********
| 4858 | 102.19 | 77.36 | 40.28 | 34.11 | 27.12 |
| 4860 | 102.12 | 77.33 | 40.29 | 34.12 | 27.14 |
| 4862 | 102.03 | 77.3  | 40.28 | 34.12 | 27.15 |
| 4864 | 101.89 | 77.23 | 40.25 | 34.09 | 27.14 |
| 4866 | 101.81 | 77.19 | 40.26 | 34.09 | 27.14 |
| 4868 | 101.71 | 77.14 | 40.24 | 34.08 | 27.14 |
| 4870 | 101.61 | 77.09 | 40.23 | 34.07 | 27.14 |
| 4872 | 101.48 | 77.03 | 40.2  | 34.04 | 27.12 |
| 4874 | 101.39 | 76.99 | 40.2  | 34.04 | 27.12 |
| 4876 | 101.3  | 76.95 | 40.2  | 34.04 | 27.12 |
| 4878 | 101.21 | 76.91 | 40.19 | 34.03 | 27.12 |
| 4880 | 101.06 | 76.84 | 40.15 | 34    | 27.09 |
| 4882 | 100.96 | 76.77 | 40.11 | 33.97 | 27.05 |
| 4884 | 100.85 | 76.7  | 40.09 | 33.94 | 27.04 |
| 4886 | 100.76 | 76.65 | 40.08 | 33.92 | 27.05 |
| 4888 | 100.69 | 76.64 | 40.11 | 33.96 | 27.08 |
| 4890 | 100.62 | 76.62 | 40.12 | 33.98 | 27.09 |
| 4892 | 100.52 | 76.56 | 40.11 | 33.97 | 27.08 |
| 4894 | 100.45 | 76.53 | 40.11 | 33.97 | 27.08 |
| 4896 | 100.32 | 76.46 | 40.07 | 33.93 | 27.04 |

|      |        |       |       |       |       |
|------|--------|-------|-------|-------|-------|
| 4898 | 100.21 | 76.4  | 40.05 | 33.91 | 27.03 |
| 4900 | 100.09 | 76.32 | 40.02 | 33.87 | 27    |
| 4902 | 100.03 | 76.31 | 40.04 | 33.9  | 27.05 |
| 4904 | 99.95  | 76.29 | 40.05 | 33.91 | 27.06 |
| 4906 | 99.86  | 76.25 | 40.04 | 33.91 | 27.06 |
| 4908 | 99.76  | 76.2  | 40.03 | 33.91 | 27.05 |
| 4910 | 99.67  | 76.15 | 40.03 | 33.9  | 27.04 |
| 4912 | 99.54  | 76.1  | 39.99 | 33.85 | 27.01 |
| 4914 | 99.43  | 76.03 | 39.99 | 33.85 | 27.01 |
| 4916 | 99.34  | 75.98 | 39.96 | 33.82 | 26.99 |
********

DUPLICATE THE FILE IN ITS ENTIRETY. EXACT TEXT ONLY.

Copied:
| 4858 | 102.19 | 77.36 | 40.28 | 34.11 | 27.12 |
| 4860 | 102.12 | 77.33 | 40.29 | 34.12 | 27.14 |
| 4862 | 102.03 | 77.3  | 40.28 | 34.12 | 27.15 |
| 4864 | 101.89 | 77.23 | 40.25 | 34.09 | 27.14 |
| 4866 | 101.81 | 77.19 | 40.26 | 34.09 | 27.14 |
| 4868 | 101.71 | 77.14 | 40.24 | 34.08 | 27.14 |
| 4870 | 101.61 | 77.09 | 40.23 | 34.07 | 27.14 |
| 4872 | 101.48 | 77.03 | 40.2  | 34.04 | 27.12 |
| 4874 | 101.39 | 76.99 | 40.2  | 34.04 | 27.12 |
| 4876 | 101.3  | 76.95 | 40.2  | 34.04 | 27.12 |
| 4878 | 101.21 | 76.91 | 40.19 | 34.03 | 27.12 |
| 4880 | 101.06 | 76.84 | 40.15 | 34    | 27.09 |
| 4882 | 100.96 | 76.77 | 40.11 | 33.97 | 27.05 |
| 4884 | 100.85 | 76.7  | 40.09 | 33.94 | 27.04 |
| 4886 | 100.76 | 76.65 | 40.08 | 33.92 | 27.05 |
| 4888 | 100.69 | 76.64 | 40.11 | 33.96 | 27.08 |
| 4890 | 100.62 | 76.62 | 40.12 | 33.98 | 27.09 |
| 4892 | 100.52 | 76.56 | 40.11 | 33.97 | 27.08 |
| 4894 | 100.45 | 76.53 | 40.11 | 33.97 | 27.08 |
| 4896 | 100.32 | 76.46 | 40.07 | 33.93 | 27.04 |

|      |        |       |       |       |       |
|------|--------|-------|-------|-------|-------|
| 4898 | 100.21 | 76.4  | 40.05 | 33.91 | 27.03 |
| 4900 | 100.09 | 76.32 | 40.02 | 33.87 | 27    |
| 4902 | 100.03 | 76.31 | 40.04 | 33.9  | 27.05 |
| 4904 | 99.95  | 76.29 | 40.05 | 33.91 | 27.06 |
| 4906 | 99.86  | 76.25 | 40.04 | 33.91 | 27.06 |
| 4908 | 99.76  | 76.2  | 40.03 | 33.91 | 27.05 |
| 4910 | 99.67  | 76.15 | 40.03 | 33.9  | 27.04 |
| 4912 | 99.54  | 76.1  | 39.99 | 33.85 | 27.01 |
| 4914 | 99.43  | 76.03 | 39.99 | 33.85 | 27.01 |
| 4916 | 99.34  | 75.98 | 39.96 | 33.82 | 26.99 |